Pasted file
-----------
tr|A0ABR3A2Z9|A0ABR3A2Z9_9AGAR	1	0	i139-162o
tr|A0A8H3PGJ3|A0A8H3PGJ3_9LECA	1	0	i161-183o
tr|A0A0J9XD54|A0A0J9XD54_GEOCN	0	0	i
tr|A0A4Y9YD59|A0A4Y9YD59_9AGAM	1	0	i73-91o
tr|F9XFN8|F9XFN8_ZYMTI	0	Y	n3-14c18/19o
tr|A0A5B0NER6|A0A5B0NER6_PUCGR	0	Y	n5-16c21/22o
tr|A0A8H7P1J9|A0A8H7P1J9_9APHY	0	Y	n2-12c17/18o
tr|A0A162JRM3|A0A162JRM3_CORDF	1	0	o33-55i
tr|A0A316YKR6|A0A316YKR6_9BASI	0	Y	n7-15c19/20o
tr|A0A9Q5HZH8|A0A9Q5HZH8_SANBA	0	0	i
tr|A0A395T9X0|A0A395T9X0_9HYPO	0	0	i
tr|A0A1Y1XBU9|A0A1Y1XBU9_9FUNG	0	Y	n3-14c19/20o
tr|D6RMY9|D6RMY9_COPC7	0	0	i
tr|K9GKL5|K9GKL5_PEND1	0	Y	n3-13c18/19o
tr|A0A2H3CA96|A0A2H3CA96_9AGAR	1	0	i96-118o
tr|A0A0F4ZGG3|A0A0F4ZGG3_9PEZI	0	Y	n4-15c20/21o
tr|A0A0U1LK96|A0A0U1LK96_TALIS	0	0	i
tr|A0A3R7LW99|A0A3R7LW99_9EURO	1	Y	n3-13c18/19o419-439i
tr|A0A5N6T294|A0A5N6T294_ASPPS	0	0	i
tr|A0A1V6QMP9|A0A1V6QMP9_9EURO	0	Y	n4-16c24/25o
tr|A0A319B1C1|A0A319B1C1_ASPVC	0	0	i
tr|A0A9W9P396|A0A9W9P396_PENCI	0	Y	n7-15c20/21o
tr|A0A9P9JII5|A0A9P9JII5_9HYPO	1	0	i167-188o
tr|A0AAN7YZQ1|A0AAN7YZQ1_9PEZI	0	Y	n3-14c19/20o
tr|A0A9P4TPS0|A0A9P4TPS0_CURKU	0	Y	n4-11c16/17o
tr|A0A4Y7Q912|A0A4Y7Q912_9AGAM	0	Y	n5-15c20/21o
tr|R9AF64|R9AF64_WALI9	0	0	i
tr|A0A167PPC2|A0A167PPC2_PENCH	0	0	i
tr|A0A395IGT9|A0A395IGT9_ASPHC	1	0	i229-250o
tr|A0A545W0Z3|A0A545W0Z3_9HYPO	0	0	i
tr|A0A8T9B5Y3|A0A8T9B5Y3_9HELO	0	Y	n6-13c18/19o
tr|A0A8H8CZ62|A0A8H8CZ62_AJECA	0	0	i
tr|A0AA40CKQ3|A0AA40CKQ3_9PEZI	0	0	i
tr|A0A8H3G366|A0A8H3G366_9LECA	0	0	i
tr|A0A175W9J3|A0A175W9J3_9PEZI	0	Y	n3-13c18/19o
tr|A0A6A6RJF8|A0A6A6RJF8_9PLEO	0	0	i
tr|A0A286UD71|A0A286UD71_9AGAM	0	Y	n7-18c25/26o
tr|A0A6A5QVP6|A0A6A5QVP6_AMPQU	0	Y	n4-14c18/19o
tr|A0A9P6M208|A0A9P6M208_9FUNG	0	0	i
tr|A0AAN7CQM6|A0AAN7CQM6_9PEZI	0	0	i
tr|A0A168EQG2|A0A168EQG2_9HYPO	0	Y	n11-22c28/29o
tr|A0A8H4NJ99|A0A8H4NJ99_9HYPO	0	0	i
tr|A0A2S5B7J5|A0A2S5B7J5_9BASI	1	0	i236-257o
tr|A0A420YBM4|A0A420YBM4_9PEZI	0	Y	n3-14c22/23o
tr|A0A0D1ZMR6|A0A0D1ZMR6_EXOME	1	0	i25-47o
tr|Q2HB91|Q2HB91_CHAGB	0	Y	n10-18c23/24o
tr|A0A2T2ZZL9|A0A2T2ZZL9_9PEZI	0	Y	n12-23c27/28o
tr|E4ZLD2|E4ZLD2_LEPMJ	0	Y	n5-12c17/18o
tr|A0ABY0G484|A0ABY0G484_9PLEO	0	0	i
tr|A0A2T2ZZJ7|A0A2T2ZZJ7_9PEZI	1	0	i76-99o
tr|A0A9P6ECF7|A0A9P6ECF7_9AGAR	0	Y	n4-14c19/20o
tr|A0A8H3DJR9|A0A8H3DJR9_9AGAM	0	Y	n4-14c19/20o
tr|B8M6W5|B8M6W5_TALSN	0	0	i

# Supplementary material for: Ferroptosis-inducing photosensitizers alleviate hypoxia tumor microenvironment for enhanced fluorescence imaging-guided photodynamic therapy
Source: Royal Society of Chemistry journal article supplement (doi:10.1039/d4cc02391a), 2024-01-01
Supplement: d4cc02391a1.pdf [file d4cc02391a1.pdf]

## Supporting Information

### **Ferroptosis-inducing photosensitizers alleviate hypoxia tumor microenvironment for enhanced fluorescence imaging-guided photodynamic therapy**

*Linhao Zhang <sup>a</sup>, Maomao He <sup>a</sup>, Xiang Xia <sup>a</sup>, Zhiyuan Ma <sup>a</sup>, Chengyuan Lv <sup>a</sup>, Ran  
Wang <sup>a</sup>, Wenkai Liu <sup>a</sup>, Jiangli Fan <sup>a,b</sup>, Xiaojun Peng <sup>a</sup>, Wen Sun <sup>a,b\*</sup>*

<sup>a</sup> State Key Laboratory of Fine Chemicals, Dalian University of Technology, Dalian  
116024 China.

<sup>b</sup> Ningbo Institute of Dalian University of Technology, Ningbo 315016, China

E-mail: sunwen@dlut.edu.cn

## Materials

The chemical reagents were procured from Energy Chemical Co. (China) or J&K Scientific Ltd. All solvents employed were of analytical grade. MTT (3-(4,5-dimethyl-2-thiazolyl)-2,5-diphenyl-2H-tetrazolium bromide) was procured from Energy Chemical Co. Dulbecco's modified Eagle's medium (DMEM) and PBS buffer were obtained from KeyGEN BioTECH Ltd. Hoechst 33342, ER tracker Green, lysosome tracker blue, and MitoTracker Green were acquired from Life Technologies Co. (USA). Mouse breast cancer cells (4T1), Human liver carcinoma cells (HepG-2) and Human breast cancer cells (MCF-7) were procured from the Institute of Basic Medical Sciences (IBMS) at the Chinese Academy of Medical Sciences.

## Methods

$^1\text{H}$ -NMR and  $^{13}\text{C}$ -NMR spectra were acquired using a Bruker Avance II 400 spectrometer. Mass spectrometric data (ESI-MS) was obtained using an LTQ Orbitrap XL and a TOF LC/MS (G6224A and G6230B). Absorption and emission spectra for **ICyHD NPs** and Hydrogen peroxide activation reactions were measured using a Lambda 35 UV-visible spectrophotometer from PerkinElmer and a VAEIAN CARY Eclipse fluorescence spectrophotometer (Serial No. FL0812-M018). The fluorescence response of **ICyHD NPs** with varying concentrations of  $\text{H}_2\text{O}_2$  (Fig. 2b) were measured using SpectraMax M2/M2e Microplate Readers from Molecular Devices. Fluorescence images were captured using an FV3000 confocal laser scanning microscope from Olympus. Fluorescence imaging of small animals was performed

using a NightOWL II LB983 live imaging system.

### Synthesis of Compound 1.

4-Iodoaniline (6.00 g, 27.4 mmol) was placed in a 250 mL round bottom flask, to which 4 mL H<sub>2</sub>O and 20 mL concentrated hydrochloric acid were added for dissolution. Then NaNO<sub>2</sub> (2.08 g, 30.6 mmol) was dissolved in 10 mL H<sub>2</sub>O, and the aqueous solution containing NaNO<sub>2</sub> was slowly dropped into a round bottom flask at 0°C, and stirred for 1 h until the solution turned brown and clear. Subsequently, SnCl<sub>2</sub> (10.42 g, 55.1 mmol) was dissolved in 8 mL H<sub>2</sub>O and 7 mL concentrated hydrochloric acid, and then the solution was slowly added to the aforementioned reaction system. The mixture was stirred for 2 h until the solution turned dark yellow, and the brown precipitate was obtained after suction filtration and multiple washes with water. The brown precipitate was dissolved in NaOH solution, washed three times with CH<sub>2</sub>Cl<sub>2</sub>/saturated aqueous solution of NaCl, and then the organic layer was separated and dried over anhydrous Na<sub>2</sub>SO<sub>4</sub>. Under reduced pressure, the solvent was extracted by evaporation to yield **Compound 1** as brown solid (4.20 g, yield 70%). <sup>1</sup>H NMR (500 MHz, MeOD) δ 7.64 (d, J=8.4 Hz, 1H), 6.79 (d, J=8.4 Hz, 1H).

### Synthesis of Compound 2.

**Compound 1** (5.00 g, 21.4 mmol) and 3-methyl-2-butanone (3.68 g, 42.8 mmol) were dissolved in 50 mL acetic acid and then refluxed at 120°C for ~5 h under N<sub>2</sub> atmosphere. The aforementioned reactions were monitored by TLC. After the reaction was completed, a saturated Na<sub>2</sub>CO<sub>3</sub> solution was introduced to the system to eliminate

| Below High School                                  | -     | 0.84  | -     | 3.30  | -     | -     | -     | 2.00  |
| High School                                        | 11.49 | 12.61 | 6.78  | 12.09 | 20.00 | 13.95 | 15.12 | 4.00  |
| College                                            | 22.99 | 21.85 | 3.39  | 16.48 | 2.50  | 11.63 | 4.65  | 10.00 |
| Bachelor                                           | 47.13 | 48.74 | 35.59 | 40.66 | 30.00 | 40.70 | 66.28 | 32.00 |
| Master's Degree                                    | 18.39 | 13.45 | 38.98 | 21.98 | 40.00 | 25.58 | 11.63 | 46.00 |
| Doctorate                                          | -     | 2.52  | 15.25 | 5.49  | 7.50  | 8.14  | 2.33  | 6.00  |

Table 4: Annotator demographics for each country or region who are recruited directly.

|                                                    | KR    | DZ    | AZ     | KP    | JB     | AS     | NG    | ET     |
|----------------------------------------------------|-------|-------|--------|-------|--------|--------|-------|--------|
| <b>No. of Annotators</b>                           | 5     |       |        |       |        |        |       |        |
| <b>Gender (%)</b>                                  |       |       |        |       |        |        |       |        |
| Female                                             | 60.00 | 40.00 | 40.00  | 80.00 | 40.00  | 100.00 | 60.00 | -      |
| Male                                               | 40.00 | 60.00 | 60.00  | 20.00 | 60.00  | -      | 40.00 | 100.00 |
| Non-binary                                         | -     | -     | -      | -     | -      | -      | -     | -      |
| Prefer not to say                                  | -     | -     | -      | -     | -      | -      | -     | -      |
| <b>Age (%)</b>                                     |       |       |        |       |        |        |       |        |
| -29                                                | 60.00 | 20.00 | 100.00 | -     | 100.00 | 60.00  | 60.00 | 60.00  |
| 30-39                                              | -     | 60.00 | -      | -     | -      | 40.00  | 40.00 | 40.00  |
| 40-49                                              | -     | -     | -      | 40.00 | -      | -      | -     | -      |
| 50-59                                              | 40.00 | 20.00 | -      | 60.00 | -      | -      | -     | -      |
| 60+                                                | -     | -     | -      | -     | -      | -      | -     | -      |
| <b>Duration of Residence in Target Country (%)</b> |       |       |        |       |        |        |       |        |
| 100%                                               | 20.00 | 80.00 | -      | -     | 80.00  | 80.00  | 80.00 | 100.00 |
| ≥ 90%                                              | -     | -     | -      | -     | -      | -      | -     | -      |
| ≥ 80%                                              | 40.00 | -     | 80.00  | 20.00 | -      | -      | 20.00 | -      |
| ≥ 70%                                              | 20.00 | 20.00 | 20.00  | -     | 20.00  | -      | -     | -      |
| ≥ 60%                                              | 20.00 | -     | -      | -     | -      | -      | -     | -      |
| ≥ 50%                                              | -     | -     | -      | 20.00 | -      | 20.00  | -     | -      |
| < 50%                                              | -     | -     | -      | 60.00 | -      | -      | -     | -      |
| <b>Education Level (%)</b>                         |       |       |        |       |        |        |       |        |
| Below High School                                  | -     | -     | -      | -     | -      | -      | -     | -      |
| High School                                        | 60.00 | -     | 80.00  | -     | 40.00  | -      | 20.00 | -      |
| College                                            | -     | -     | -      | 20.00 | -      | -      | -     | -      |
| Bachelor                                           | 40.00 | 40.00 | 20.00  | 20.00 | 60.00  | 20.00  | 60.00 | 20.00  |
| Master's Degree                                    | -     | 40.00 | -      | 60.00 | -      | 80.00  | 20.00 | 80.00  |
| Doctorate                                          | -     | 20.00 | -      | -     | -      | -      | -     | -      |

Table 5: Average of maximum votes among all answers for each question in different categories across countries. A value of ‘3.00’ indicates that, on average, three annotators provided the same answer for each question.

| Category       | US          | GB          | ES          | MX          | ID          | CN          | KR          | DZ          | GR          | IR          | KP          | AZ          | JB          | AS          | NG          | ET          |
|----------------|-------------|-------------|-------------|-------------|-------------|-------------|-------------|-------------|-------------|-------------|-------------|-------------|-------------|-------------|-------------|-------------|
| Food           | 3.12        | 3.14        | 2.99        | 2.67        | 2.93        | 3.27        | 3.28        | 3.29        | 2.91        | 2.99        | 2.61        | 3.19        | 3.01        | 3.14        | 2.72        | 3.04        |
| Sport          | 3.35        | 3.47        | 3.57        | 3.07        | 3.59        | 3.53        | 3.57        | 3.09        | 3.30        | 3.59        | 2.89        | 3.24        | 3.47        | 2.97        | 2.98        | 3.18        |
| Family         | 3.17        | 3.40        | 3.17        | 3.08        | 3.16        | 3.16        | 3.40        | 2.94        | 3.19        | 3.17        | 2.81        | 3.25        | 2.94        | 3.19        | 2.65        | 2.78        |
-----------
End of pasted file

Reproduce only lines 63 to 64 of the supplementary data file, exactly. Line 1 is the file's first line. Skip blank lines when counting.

<sup>b</sup> Ningbo Institute of Dalian University of Technology, Ningbo 315016, China

E-mail: sunwen@dlut.edu.cn